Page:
Economic growth in Europe has peaked in 2017. The European economy grew at its fastest pace in a decade last year, but growth has moderated since and the outlook is now less favourable. Barring major shocks, GDP should continue to grow at a moderate pace. The road ahead is however fraught with uncertainty and numerous, interconnected risks.
Last year’s exceptionally benign global environment helped to underpin economic activity and investment in the euro area. Although economic momentum has softened this year, mostly as a result of weaker external trade, domestic demand growth has remained sufficiently strong to support robust job creation. Over the next two years we expect GDP in the euro area to decelerate in line with a further slowing momentum of foreign trade as the global economy has entered more choppy waters. Domestically, the pick-up in inflation will weigh on household real income growth even though wages are finally increasing more visibly. The emergence of labour supply shortages in some Member States will make it more difficult to maintain the current pace of job creation over the coming years. However the euro area economy does not display real signs of overheating that could put an untimely end to growth. All in all, this is still a benign projection in which GDP growth gradually eases towards potential and the unemployment rate falls further.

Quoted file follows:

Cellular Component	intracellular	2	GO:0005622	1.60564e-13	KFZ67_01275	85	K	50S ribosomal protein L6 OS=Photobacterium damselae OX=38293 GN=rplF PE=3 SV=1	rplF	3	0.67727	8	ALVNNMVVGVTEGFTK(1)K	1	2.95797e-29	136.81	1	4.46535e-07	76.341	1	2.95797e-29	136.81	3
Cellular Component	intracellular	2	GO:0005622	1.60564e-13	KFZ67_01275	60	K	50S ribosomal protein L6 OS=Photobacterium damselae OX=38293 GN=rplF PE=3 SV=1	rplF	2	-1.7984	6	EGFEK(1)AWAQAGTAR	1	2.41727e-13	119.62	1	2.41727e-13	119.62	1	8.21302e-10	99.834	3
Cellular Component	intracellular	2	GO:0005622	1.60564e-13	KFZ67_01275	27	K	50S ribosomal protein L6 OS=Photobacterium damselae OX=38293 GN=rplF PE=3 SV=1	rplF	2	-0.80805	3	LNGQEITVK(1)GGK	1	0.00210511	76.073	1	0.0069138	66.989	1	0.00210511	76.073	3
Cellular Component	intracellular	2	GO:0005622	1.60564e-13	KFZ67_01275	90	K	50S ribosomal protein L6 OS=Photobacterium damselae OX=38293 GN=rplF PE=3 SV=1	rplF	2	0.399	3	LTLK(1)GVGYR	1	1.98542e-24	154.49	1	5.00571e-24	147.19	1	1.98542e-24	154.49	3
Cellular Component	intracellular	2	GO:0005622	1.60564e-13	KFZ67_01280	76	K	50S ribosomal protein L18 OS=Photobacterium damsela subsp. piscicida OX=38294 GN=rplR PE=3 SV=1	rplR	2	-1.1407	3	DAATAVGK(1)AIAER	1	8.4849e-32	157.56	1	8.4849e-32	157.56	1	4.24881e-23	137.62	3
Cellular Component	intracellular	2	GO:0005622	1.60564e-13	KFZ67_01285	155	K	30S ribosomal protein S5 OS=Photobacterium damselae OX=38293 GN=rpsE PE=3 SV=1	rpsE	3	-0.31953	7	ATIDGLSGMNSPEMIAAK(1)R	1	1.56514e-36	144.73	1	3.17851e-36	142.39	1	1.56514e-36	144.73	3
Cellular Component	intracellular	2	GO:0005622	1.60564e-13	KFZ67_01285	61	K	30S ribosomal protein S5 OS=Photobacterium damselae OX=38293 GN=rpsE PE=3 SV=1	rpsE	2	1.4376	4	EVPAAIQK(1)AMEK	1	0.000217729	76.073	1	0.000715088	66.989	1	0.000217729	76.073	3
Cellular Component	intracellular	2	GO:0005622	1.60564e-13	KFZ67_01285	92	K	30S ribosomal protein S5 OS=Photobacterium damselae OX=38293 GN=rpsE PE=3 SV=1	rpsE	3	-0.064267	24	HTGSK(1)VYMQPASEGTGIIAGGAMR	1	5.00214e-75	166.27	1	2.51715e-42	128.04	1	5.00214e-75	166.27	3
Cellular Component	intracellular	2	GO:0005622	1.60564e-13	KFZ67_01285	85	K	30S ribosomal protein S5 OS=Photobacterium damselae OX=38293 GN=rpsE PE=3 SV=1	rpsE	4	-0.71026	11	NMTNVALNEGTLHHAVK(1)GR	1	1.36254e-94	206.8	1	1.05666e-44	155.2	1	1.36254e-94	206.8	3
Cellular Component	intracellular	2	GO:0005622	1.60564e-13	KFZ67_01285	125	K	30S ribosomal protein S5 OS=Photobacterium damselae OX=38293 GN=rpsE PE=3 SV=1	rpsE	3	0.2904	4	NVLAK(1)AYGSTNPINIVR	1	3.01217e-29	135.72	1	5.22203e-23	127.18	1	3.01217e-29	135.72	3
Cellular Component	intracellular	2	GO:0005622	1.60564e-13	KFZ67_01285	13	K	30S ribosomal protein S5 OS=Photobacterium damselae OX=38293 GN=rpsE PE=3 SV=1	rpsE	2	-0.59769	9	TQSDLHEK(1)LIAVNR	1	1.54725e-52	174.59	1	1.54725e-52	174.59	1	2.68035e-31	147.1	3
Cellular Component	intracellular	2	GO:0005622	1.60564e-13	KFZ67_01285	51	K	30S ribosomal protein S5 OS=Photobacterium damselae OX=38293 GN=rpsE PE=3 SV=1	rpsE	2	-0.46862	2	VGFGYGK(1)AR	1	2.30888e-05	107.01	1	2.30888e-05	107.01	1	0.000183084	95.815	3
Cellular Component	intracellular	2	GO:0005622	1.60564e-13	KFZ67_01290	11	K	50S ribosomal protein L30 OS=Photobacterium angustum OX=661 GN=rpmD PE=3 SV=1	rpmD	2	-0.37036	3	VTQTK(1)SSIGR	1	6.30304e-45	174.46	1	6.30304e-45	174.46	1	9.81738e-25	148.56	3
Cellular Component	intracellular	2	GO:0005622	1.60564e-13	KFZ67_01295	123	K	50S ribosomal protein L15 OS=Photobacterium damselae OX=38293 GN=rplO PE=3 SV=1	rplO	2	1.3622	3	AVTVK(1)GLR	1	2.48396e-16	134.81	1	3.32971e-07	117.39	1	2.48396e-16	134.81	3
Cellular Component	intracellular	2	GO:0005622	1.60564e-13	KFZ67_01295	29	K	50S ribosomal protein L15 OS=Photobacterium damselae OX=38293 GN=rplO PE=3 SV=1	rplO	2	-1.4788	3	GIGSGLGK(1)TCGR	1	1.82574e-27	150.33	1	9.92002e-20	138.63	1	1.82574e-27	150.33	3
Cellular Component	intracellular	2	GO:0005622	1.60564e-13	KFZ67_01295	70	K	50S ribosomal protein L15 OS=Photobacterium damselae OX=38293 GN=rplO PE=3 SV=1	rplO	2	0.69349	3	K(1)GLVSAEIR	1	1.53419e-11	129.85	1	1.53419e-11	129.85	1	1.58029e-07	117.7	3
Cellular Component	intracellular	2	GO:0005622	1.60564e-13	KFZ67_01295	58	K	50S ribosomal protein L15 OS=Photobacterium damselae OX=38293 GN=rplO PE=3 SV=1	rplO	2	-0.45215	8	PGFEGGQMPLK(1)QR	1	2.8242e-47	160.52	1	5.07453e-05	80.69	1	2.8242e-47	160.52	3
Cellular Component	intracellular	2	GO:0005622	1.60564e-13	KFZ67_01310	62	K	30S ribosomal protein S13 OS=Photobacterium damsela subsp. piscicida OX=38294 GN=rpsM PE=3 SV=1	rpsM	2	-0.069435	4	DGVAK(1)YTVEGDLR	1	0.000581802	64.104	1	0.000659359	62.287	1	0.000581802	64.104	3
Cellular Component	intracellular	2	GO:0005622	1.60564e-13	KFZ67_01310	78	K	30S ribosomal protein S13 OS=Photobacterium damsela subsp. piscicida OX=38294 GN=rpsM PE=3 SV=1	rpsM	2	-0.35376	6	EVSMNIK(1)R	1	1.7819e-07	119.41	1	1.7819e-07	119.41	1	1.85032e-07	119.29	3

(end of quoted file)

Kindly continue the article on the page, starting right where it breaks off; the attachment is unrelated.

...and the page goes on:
That said, some of the risks identified earlier are materialising, e.g. trade tensions or turmoil in emerging markets. Further downside risks are growing and interconnected; they could lead to a significantly worse outcome than projected. Trade tensions continue to run high, even though so far they mostly concern USChina trade. Should extensive new tariff and non-tariff barriers emerge and spread, the negative impact on international trade and global growth would be sizeable. In a context of high corporate leverage, a combination of tighter-than-expected US monetary policy and an abrupt unwinding of the fiscal stimulus in 2020 could well provoke a brisk slowdown in the US that would spill over and weaken economic growth prospects in many parts of the world, including Europe. Many financial assets look vulnerable to a reversal of investor risk perceptions. A general and sharp retreat from risky assets would be detrimental to highly-indebted firms in advanced and emerging market economies and cause broader spillovers. In Europe, uncertainty about the outlook for public finances in Italy has led to higher interest spreads, and the interaction of sovereign debt with the banking sector is still of concern. Finally, the risk of a no-deal Brexit would entail abrupt changes in trade relations between the UK and the EU after April 2019 and harm the economies on both sides of the Channel. Under any scenario, the impact is expected to be much larger on the UK than on the EU27.